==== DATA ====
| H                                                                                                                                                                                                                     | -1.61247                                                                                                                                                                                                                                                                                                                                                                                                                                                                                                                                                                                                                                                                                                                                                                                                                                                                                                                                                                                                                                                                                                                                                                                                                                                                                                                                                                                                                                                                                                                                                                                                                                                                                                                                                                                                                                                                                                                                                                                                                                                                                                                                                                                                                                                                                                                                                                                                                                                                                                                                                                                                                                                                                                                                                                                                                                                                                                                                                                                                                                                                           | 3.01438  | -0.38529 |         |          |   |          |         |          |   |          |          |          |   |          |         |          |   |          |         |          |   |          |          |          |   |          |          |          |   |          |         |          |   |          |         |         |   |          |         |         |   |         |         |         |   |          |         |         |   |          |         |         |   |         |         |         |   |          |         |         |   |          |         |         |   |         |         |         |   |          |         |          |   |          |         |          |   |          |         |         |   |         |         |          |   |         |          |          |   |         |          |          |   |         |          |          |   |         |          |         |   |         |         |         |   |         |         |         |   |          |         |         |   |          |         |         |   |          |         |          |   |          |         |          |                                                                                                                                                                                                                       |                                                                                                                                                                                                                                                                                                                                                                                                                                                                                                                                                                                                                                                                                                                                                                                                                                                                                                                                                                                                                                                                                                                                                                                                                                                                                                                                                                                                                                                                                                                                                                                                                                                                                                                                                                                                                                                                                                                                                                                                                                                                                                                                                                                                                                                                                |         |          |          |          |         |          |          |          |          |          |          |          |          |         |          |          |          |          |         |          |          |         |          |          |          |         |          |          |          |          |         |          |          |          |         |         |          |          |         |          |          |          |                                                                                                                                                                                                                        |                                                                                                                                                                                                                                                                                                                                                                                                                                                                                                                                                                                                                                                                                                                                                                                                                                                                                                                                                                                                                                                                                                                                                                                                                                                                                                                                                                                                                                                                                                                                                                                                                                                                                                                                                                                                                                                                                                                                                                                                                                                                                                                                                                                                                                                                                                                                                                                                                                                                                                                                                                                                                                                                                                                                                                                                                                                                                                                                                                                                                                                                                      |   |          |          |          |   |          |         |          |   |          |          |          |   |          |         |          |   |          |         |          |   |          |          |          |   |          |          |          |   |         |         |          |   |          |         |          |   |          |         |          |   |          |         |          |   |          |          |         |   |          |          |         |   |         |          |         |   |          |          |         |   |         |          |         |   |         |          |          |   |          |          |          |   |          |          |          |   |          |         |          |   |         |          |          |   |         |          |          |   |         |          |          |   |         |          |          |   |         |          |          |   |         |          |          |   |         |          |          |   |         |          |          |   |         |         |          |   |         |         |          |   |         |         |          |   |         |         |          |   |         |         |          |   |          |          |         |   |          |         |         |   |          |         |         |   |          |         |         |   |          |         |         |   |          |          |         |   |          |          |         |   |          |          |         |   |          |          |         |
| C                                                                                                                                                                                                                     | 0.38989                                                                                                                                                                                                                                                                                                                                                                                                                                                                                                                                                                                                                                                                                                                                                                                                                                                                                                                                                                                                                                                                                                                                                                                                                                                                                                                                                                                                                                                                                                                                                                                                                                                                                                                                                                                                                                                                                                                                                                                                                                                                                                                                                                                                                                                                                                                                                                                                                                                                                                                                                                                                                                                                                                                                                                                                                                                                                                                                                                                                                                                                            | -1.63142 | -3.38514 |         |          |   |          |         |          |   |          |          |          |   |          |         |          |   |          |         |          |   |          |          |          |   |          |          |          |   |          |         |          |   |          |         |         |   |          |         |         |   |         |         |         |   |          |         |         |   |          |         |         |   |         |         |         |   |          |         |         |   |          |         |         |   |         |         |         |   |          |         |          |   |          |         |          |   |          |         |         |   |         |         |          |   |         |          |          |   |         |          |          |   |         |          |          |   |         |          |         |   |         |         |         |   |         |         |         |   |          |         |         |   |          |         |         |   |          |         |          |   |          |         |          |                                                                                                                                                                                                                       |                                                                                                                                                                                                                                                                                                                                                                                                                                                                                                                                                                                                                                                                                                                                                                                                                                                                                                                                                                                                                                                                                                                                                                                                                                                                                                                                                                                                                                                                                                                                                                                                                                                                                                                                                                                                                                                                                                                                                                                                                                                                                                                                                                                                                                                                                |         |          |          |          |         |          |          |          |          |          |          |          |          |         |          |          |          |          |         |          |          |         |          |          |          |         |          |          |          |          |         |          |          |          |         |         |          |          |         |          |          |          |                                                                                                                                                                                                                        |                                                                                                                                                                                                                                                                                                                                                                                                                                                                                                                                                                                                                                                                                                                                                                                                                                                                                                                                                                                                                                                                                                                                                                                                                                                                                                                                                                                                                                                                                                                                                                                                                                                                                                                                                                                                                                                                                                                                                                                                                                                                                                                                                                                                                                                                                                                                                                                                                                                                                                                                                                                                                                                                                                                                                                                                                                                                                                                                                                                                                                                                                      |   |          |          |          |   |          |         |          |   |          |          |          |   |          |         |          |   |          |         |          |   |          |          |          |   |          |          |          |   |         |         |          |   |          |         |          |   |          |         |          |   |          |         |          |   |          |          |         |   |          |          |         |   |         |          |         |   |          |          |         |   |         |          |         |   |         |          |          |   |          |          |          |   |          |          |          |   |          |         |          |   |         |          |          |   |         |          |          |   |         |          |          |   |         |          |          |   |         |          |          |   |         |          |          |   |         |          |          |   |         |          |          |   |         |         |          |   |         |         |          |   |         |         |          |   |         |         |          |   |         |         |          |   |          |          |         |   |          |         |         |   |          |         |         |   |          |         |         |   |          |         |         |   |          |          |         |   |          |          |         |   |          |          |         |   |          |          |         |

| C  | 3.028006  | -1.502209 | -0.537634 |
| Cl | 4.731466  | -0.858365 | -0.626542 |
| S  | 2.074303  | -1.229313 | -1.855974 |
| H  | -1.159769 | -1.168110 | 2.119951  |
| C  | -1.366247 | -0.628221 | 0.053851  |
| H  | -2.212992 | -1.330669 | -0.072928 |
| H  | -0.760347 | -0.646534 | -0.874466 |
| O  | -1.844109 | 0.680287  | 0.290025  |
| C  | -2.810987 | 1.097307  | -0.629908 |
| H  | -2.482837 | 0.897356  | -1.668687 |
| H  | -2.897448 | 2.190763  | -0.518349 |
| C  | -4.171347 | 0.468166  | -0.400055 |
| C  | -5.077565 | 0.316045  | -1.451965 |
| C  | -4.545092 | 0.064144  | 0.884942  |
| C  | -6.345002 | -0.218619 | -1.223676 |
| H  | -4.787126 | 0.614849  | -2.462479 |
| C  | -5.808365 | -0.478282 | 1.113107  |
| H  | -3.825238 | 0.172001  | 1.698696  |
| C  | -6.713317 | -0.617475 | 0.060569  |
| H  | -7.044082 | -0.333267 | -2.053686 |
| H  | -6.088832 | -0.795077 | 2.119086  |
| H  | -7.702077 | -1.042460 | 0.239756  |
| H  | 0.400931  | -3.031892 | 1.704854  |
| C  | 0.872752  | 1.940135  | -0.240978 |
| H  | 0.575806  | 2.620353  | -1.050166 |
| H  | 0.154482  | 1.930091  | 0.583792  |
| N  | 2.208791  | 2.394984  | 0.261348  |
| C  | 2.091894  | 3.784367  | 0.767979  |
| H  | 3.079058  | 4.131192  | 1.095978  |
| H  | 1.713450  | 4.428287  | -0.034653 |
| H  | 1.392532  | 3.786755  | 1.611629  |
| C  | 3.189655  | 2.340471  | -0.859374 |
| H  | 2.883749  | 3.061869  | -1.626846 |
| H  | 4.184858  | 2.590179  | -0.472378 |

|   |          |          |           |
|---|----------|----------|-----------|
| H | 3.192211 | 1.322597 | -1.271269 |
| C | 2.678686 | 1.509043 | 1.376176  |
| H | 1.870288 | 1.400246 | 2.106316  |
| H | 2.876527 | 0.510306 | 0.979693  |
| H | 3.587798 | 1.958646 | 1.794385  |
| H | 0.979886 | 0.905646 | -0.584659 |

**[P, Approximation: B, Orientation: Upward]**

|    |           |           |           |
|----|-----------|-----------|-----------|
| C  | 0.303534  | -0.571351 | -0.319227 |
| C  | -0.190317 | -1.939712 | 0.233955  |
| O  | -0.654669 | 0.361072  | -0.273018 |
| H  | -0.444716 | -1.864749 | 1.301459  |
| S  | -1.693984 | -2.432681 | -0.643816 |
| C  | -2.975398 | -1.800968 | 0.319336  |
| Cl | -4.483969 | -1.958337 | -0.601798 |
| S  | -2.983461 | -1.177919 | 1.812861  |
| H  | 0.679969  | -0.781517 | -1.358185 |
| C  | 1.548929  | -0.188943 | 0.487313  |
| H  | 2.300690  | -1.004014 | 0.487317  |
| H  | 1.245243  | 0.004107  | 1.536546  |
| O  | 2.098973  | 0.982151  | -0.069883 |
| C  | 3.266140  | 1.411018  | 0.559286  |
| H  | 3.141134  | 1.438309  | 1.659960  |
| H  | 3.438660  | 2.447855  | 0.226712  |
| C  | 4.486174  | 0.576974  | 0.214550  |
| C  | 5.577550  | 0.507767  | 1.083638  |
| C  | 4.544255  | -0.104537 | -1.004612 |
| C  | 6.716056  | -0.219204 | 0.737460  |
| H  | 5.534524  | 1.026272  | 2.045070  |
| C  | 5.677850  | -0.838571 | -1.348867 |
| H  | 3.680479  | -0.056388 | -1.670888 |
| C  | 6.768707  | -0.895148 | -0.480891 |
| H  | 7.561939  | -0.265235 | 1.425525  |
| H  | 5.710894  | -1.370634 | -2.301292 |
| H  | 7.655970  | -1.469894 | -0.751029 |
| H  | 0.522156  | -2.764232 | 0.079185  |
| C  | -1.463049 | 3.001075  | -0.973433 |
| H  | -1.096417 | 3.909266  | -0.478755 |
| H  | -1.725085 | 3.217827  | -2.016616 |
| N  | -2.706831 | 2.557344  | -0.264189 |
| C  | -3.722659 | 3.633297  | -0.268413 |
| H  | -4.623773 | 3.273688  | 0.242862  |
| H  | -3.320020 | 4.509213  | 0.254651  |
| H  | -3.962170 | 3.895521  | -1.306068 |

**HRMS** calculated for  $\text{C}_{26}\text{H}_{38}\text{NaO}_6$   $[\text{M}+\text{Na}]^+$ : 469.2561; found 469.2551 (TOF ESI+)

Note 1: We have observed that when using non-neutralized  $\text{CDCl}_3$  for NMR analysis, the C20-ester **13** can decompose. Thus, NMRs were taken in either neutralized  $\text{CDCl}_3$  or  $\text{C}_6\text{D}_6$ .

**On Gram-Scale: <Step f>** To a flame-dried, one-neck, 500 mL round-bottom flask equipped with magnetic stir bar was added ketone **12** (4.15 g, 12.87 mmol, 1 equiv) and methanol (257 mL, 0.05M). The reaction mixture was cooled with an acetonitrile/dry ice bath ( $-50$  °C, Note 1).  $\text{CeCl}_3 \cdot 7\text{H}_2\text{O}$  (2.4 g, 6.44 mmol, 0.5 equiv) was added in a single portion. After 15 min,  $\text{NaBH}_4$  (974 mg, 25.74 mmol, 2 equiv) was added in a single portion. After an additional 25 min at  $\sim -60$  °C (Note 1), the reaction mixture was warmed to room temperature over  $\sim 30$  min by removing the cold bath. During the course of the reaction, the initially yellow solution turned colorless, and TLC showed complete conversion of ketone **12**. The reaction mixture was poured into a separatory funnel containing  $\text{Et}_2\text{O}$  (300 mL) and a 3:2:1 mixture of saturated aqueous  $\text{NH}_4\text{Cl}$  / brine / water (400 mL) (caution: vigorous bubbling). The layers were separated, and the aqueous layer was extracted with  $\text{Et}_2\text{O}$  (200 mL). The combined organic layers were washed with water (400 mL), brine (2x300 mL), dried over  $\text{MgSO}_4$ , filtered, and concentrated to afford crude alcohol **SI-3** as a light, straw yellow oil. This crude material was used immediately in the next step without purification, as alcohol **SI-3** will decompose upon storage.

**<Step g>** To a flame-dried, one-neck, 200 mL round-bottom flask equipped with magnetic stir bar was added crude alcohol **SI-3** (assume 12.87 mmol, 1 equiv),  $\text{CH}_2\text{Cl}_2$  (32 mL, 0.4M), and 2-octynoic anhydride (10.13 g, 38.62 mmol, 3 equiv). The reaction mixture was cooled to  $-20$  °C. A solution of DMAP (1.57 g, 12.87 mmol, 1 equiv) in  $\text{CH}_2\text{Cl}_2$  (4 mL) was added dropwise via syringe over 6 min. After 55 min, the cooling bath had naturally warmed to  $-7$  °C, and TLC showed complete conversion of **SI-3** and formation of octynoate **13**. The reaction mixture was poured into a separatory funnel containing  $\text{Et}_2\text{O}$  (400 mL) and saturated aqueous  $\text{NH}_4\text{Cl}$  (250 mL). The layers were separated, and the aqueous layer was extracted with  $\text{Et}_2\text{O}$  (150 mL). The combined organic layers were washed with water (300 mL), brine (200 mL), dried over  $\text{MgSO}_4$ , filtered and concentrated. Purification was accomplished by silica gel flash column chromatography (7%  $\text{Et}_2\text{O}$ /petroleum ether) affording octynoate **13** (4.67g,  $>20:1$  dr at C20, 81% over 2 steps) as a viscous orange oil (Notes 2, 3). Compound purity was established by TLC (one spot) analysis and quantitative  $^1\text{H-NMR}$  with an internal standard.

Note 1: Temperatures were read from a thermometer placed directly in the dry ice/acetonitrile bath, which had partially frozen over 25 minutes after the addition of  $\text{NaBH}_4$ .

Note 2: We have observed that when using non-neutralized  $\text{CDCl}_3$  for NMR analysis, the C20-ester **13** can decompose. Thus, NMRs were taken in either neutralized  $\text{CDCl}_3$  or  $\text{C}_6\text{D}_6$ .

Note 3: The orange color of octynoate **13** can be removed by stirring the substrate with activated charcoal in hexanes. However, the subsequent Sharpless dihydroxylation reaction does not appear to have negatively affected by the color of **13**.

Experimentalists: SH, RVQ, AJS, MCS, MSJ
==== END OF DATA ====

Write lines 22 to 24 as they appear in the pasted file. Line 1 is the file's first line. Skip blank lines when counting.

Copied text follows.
| H  | -7.044082 | -0.333267 | -2.053686 |
| H  | -6.088832 | -0.795077 | 2.119086  |
| H  | -7.702077 | -1.042460 | 0.239756  |